Configuring OVS-DPDK with VM

9 minute read

Configuring OVS-DPDK with VM for performance testing

Recently, I work on a performance comparison between virtualization technologies. In order to made an experiment I had had to setup a test environment based on OVS-DPDK and KVM-based Virtual Machine. This user guide shows how to install and configure the test scenario with OVS-DPDK and libvirt. The test scenario is presented below. According to OVS flow rules configuration we can test PHY-OVS-PHY scenario (green line) or PHY-VM-PHY scenario (red line).

The OVS-DPDK + VM scenario


Before starting installation of OVS-DPDK and VMs, let’s prepare OS.

sudo apt-get update
sudo apt-get upgrade

sudo apt-get -y install git qemu-system-x86 python-pip fuse libfuse-dev dh-autoreconf openssl libssl-dev cmake libpcap-dev python-yaml libnuma-dev

Installing OVS-DPDK

Firstly, we need to install DPDK and Open vSwitch from a source code. To install DPDK run below commands:

cd $HOME & mkdir dpdk
cd dpdk/
tar xf dpdk-18.11.tar.xz
cd dpdk-18.11/

Then, we need to export environment variables, which point out to DPDK..

export DPDK_DIR=$HOME/dpdk/dpdk-18.11
export DPDK_TARGET=x86_64-native-linuxapp-gcc

.. and install DPDK. Note that we are using special flags (-g -Ofast -march=native -Q) to achieve a better performance of OVS-DPDK.


If the installation of DPDK has been successful, you can install OVS-DPDK.

cd $HOME/dpdk/
git clone
cd ovs
./configure CFLAGS="-g -Ofast" --with-dpdk=$DPDK_BUILD
make -j CFLAGS="-g -Ofast -march=native -Q"
sudo make install

Now, you should be able to verify OVS-DPDK installation by using below commands:

tomek@s14-2:~$ sudo ovs-vsctl show
tomek@s14-2:~$ sudo ovs-vswitchd --version
ovs-vswitchd (Open vSwitch) 2.11.90
DPDK 18.11.0

Configuring OVS-DPDK

Firstly, let’s configure DPDK ports. Following commands inject required kernel driver (i.e. uio, igb_uio, vfio). It is up to you, which one you would like to use. In order to choose one refer to For our purposes we have used uiopcigeneric.

cd dpdk/dpdk-18.11/usertools/
sudo modprobe uio_pci_generic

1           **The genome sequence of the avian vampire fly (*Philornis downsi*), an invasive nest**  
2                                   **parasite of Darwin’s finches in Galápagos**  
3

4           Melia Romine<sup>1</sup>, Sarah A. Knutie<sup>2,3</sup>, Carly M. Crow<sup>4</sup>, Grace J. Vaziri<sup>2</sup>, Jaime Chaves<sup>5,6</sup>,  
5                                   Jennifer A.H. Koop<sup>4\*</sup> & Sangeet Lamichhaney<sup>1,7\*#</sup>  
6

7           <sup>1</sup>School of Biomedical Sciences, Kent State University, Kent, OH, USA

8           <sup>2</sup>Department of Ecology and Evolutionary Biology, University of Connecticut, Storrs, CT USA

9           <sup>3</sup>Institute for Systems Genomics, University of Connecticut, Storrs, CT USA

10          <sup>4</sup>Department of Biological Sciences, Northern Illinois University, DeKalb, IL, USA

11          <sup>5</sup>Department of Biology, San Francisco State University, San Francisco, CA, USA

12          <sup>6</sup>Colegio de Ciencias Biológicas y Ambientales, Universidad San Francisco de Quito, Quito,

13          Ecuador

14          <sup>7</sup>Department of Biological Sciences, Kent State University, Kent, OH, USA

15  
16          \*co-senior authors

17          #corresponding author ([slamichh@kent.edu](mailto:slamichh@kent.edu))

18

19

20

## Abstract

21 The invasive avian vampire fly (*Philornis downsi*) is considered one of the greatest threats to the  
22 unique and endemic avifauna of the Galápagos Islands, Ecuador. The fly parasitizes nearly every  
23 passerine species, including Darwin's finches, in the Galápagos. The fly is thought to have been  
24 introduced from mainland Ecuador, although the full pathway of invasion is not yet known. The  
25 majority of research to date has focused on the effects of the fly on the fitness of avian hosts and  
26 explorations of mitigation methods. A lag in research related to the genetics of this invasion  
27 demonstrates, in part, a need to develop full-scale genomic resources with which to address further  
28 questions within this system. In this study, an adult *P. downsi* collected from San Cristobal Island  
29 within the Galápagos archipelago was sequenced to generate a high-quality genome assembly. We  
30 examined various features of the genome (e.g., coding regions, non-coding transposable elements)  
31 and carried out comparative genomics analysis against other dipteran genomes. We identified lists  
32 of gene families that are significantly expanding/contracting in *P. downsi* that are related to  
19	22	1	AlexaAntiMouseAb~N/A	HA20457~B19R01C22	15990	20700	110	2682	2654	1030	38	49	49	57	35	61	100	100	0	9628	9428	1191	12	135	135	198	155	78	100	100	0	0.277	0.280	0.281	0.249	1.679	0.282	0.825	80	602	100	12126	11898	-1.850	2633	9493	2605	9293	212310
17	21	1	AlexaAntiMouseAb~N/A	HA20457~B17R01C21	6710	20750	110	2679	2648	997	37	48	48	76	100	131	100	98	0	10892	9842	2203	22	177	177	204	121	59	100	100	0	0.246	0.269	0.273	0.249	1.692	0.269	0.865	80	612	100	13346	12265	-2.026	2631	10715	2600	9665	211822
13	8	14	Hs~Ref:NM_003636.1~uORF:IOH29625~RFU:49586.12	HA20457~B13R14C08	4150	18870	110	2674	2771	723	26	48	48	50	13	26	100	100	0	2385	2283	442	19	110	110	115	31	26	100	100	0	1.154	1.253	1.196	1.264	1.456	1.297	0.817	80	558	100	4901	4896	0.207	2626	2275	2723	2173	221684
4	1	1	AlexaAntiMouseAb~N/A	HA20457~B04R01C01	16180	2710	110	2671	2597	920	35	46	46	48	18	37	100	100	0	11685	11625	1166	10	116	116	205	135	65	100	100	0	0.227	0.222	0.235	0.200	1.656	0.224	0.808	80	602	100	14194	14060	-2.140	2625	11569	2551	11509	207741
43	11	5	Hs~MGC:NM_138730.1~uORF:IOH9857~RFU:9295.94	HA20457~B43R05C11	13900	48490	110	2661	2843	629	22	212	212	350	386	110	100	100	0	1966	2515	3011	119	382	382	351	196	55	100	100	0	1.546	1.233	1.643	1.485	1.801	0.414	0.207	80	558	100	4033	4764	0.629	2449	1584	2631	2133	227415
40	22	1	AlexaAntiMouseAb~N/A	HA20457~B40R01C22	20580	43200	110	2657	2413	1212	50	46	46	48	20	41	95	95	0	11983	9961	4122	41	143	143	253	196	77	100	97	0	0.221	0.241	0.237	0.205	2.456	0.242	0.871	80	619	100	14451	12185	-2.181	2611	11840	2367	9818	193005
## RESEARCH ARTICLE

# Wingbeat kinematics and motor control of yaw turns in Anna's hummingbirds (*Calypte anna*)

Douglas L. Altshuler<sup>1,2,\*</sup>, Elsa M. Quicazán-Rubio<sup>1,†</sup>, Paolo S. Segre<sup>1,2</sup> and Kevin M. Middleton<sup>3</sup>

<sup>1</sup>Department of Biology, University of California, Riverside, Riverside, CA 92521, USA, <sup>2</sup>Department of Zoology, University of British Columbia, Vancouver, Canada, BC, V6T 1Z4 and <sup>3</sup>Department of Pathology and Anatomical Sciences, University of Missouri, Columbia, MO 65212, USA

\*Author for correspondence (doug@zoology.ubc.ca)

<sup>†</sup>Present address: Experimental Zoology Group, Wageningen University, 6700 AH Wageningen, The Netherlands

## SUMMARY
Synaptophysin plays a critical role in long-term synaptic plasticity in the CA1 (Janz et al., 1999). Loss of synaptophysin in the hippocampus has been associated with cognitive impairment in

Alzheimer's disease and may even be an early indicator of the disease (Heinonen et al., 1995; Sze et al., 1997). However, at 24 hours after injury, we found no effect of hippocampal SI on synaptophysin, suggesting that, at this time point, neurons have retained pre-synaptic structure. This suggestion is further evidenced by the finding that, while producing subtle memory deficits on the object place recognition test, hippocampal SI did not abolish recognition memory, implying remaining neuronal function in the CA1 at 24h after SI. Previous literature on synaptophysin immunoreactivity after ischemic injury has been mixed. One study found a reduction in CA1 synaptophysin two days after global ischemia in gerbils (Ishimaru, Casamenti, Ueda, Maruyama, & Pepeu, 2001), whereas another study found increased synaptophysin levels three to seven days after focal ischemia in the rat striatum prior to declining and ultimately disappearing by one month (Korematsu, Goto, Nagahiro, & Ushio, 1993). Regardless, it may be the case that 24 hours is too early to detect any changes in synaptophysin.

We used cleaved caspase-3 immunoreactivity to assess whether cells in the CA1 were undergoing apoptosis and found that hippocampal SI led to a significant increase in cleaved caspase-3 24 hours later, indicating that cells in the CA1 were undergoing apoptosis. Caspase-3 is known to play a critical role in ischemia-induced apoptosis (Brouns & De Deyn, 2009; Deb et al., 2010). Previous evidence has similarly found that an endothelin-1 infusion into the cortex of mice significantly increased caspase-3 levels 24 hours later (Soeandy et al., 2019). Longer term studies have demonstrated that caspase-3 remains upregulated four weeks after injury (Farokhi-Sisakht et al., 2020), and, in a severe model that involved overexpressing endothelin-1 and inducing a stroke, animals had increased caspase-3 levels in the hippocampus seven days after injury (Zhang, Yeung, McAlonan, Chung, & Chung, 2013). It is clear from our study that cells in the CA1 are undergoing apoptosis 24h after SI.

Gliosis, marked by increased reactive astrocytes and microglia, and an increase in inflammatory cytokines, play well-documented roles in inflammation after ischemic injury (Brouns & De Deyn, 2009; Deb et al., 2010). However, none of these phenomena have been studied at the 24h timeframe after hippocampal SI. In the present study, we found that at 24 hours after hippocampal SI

Once kernel module has been injected NICs can be attached to DPDK. Note that you need to use the bus-info format (e.g.0000:88:00.0). To retrieve NIC ID in the bus-info format use:

lspci | grep Ethernet

This command will list all interfaces along with the bus-info identifier. Then, use script to bind chosen interfaces with DPDK drivers.

sudo ./ -b uio_pci_generic 0000:88:00.0
sudo ./ -b uio_pci_generic 0000:88:00.1

You can check if interfaces have been bound successfully using:

tomek@s14-2:~/dpdk/dpdk-18.11$ usertools/ --status

Network devices using DPDK-compatible driver
0000:88:00.0 '82599ES 10-Gigabit SFI/SFP+ Network Connection 10fb' drv=uio_pci_generic unused=ixgbe
0000:88:00.1 '82599ES 10-Gigabit SFI/SFP+ Network Connection 10fb' drv=uio_pci_generic unused=ixgbe

Under “Network devices using DPDK-compatible driver” you should see the list of ports, which are already bound to the DPDK-compatible driver.

Once Ethernet interfaces have been bound to DPDK, it’s time to mount hugepages. Hugepages are contiguous regions - segments of physical memory. In order to allocate hugepages persistently I have added following parameters to GRUB_CMDLINE_LINUX_DEFAULT in /etc/default/grub:

GRUB_CMDLINE_LINUX_DEFAULT="default_hugepagesz=1G hugepagesz=1G hugepages=16 hugepagesz=2M hugepages=2048"

Then, upgrade grub and reboot a machine:

sudo update-grub
sudo reboot

This configuration will take effect after every system reboot and will result in allocating 16 hugepages of the 1G size.

After reboot, you need only to mount hugepages using:

sudo mkdir -p /mnt/huge
sudo mount -t hugetlbfs nodev /mnt/huge

To validate if hugepages has been allocated properly by:

grep -i huge /proc/meminfo

The number of free hugepages should be less than total number of available hugepages.

Great, the DPDK environment should be configured properly now. We can move to the configuration of OVS. Firstly initialize OVS brigde with DPDK capabilities:

sudo ovs-vsctl --no-wait init
sudo ovs-vsctl --no-wait set Open_vSwitch . other_config:dpdk-init=true

The dpdk-init=true should be applied. To validate use below command, which should return the true value.

sudo ovs-vsctl get Open_vSwitch . dpdk_initialized